Solar Panels

Turning Sunlight Into Electicity

Solar panels (aka photovoltaic modules) consist of thin layers of polycristalline or monocrystalline silicon.

How They Work

Silicon is a semiconductor. When photons hit its surface, this dislodges electrons which in turn create a flow in electric charge.

Normally, these dislodged electrons would move in random directions and not produce a usable current. By special treatment, solar panels make sure the dislodged electrons move in the same direction, producing an electrical current.

Small Cells Form Large Panels

Solar panels are made of individual small cells: Monocrystalline silicon cells typically produce 0.5-0.6V each. Polycrystalline cells can produce 0.5-0.55V.

By connecting these cells in series, the overall panel voltage can be set. By connecting cells in parallel, the maximum panel current can be set.

On the market, a rich variety of solar panels exist with different maximum voltages, catering your needs. For DIY projects, solar panels with 3V, 5-6V, 9V, 12V, and 24V are common.

Evaluating Panels

Do not naively trust vendors or technical specifications. While most vendors provide accurate information, you can commonly find astonishing offers for solar panels supposingly capable of producing hundreds of watts for little money.

Rogue vendors cannot bend physics though, so before you purchase a particular panel, do the physics plausibility check:

0.015-0.023W/cm2 Yield

Physically, the area of a solar panel matters most: sunlight delivers roughly 1kW of energy per square meter (1000W/m2) on a clear day at solar noon in the summer. That is 0.1W/cm2.

Solar panels have a conversion efficiency anywhere between 15-23% and produce 0.015W-0.023W/cm2. This is the formula to roughly check solar panel specs.

Let’s take a look at these polycrystalline mini solar panels. They have a size of 53x30mm:

Test 1: Polycrystalline Panels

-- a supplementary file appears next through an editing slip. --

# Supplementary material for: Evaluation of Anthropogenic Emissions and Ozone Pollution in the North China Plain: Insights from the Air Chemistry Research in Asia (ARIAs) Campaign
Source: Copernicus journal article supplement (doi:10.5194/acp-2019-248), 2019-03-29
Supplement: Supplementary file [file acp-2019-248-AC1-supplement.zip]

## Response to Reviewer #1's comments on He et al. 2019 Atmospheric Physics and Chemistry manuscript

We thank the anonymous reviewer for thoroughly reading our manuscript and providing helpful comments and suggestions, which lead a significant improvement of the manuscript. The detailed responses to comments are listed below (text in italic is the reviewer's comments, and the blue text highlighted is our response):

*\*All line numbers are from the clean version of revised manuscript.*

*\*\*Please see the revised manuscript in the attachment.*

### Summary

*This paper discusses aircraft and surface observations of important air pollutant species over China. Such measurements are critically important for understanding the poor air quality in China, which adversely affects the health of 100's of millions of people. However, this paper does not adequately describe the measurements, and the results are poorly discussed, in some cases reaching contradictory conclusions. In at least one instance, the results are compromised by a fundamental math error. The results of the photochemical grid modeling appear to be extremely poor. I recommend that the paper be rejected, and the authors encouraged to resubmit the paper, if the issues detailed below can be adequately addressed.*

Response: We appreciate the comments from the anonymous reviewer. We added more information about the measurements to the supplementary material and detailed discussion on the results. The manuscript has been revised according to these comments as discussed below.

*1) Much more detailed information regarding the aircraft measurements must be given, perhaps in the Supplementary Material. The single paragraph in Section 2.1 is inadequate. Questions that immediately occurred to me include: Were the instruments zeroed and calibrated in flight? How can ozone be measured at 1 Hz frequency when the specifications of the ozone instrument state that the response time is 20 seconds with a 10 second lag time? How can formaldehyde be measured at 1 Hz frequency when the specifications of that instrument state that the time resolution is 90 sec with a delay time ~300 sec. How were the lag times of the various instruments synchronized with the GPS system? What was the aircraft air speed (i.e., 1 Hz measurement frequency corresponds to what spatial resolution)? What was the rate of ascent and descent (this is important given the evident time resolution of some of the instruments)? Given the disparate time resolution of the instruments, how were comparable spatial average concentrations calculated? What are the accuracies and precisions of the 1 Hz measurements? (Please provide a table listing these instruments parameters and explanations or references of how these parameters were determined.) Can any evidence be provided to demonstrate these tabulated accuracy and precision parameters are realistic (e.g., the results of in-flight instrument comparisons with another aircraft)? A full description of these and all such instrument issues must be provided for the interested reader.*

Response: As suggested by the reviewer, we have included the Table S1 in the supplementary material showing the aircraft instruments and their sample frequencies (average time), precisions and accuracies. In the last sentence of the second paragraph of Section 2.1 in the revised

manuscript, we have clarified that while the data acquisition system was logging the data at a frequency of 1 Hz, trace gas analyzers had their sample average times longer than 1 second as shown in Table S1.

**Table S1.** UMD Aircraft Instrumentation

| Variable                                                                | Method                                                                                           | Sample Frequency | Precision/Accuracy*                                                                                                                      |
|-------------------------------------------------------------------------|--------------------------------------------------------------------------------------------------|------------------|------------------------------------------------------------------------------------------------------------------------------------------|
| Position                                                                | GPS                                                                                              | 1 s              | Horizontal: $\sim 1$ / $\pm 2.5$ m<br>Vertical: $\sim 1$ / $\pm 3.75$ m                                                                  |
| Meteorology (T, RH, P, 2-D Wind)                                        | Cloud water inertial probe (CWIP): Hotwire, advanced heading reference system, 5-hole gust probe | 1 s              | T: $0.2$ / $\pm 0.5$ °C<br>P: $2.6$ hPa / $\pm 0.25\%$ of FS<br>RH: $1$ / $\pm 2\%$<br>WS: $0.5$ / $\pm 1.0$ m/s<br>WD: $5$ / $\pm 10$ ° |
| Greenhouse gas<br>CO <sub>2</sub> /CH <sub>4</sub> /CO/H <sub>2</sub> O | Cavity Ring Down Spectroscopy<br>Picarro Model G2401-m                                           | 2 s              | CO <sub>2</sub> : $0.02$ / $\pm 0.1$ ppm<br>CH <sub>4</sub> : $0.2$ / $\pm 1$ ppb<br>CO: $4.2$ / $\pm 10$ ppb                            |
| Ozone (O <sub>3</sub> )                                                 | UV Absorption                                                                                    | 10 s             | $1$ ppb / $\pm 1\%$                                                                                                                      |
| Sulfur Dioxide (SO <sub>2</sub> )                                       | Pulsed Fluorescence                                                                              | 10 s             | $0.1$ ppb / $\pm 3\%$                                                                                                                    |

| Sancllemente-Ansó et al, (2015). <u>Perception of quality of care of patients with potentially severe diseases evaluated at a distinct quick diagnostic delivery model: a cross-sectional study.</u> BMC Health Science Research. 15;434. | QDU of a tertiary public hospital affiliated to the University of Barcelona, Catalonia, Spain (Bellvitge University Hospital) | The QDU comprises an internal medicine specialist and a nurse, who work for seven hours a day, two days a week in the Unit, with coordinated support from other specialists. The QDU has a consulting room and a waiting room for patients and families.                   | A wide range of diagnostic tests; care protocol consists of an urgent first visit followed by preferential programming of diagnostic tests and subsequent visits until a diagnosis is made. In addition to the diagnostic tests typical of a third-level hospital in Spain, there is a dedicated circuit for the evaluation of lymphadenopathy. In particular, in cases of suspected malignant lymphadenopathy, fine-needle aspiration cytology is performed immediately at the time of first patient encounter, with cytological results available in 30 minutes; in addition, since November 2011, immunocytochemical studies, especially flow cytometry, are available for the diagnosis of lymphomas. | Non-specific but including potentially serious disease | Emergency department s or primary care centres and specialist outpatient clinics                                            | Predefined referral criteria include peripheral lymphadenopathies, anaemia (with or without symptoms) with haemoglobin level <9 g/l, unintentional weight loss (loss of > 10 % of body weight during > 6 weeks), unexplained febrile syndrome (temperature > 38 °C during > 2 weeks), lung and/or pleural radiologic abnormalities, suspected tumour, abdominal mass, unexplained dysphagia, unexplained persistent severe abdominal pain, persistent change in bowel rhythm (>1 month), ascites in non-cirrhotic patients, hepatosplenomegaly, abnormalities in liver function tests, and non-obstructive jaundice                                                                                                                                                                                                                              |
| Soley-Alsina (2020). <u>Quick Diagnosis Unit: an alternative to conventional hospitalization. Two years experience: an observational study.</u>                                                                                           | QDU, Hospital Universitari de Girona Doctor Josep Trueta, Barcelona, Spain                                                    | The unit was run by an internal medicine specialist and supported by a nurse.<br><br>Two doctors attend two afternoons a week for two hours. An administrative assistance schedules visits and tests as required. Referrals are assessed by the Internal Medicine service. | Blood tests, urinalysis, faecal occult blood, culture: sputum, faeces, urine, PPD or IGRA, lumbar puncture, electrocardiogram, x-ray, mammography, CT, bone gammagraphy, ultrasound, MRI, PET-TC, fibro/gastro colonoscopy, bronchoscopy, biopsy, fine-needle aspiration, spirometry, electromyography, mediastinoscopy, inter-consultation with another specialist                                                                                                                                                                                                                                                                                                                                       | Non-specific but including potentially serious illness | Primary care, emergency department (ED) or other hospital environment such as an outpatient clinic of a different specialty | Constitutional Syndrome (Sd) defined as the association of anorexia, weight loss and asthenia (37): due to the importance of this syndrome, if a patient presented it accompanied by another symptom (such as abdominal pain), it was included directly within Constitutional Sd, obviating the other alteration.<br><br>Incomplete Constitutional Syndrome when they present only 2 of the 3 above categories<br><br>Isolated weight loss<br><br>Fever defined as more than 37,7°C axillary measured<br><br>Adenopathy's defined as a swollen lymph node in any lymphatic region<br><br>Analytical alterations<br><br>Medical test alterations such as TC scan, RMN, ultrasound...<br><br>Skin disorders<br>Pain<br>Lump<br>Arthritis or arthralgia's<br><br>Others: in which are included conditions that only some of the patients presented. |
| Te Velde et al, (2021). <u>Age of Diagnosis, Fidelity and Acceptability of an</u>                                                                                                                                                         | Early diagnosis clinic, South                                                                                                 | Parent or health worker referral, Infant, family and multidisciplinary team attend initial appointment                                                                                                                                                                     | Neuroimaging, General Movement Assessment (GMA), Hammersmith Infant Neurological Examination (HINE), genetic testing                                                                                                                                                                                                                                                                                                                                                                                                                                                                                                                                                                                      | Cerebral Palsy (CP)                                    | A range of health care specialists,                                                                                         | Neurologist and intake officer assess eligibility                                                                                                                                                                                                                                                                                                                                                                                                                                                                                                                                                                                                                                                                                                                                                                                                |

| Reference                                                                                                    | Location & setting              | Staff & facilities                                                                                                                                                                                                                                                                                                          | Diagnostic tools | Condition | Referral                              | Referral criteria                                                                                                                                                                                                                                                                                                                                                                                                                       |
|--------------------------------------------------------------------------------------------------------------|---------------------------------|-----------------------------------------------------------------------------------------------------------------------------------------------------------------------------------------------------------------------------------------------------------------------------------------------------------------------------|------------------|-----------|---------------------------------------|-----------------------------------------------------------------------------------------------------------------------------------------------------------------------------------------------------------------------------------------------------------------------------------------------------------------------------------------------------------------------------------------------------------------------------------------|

The vendor claims these cells produce a current of 30mA at 5V (0.03A x 5V = 0.15W). Their surface is 5.3cm x 3cm = 16cm2. Being polycrystalline, their efficiency is at the low end and can be estimated at 15%.

Here is the plausibility check: physically, these panels should be able to produce this:

Area x Solar Input x Efficiency = Watts 16cm2 x 0.1W/cm2 x 15% = 0.24W

The irritating result: that is too much, actually much more than the vendor claimed.

Identify The Active Area

The unexpected result illustrates how important it is to look at the relevant dimensions: while the total physical size of the panel is indeed 5.3cm x 3cm, the effective light-converting area is much smaller: 4.5cm x 2.3cm = 10cm2.

Let’s repeat the math with the corrected surface area:

10cm2 x 0.1W/cm2 x 15% = 0.15W

A 0.15W yield is exactly what the vendor claimed.

Test 2: Monocrystalline Panels

Monocrystalline panels have a higher efficiency (up to 23% compared to 15%). They cost more, too. Let’s test plausibility for this larger monocrystalline panel:

The vendor claims this panel delivers 3W at 5V. The panel size is 12.1cm x 12.5cm, and on closer inspection, there is a 6.4mm inactive rim on both sides:

The 12.5cm physical width of the panel is thus reduced by 2 x 0.64cm to 11.2cm, providing an active area of 12.1cm x 11.2cm: 135.5cm2.

Performing Plausibility Check

Let’s do the math again. This time, a 23% efficiency is used as it is claimed to be a monocrystalline panel (plus the vendor explictly claimed a 23% efficiency):

135.5cm2 x 0.1W/cm2 x 23% = 3.11W

This panel (and this vendor) passed the plausibility check.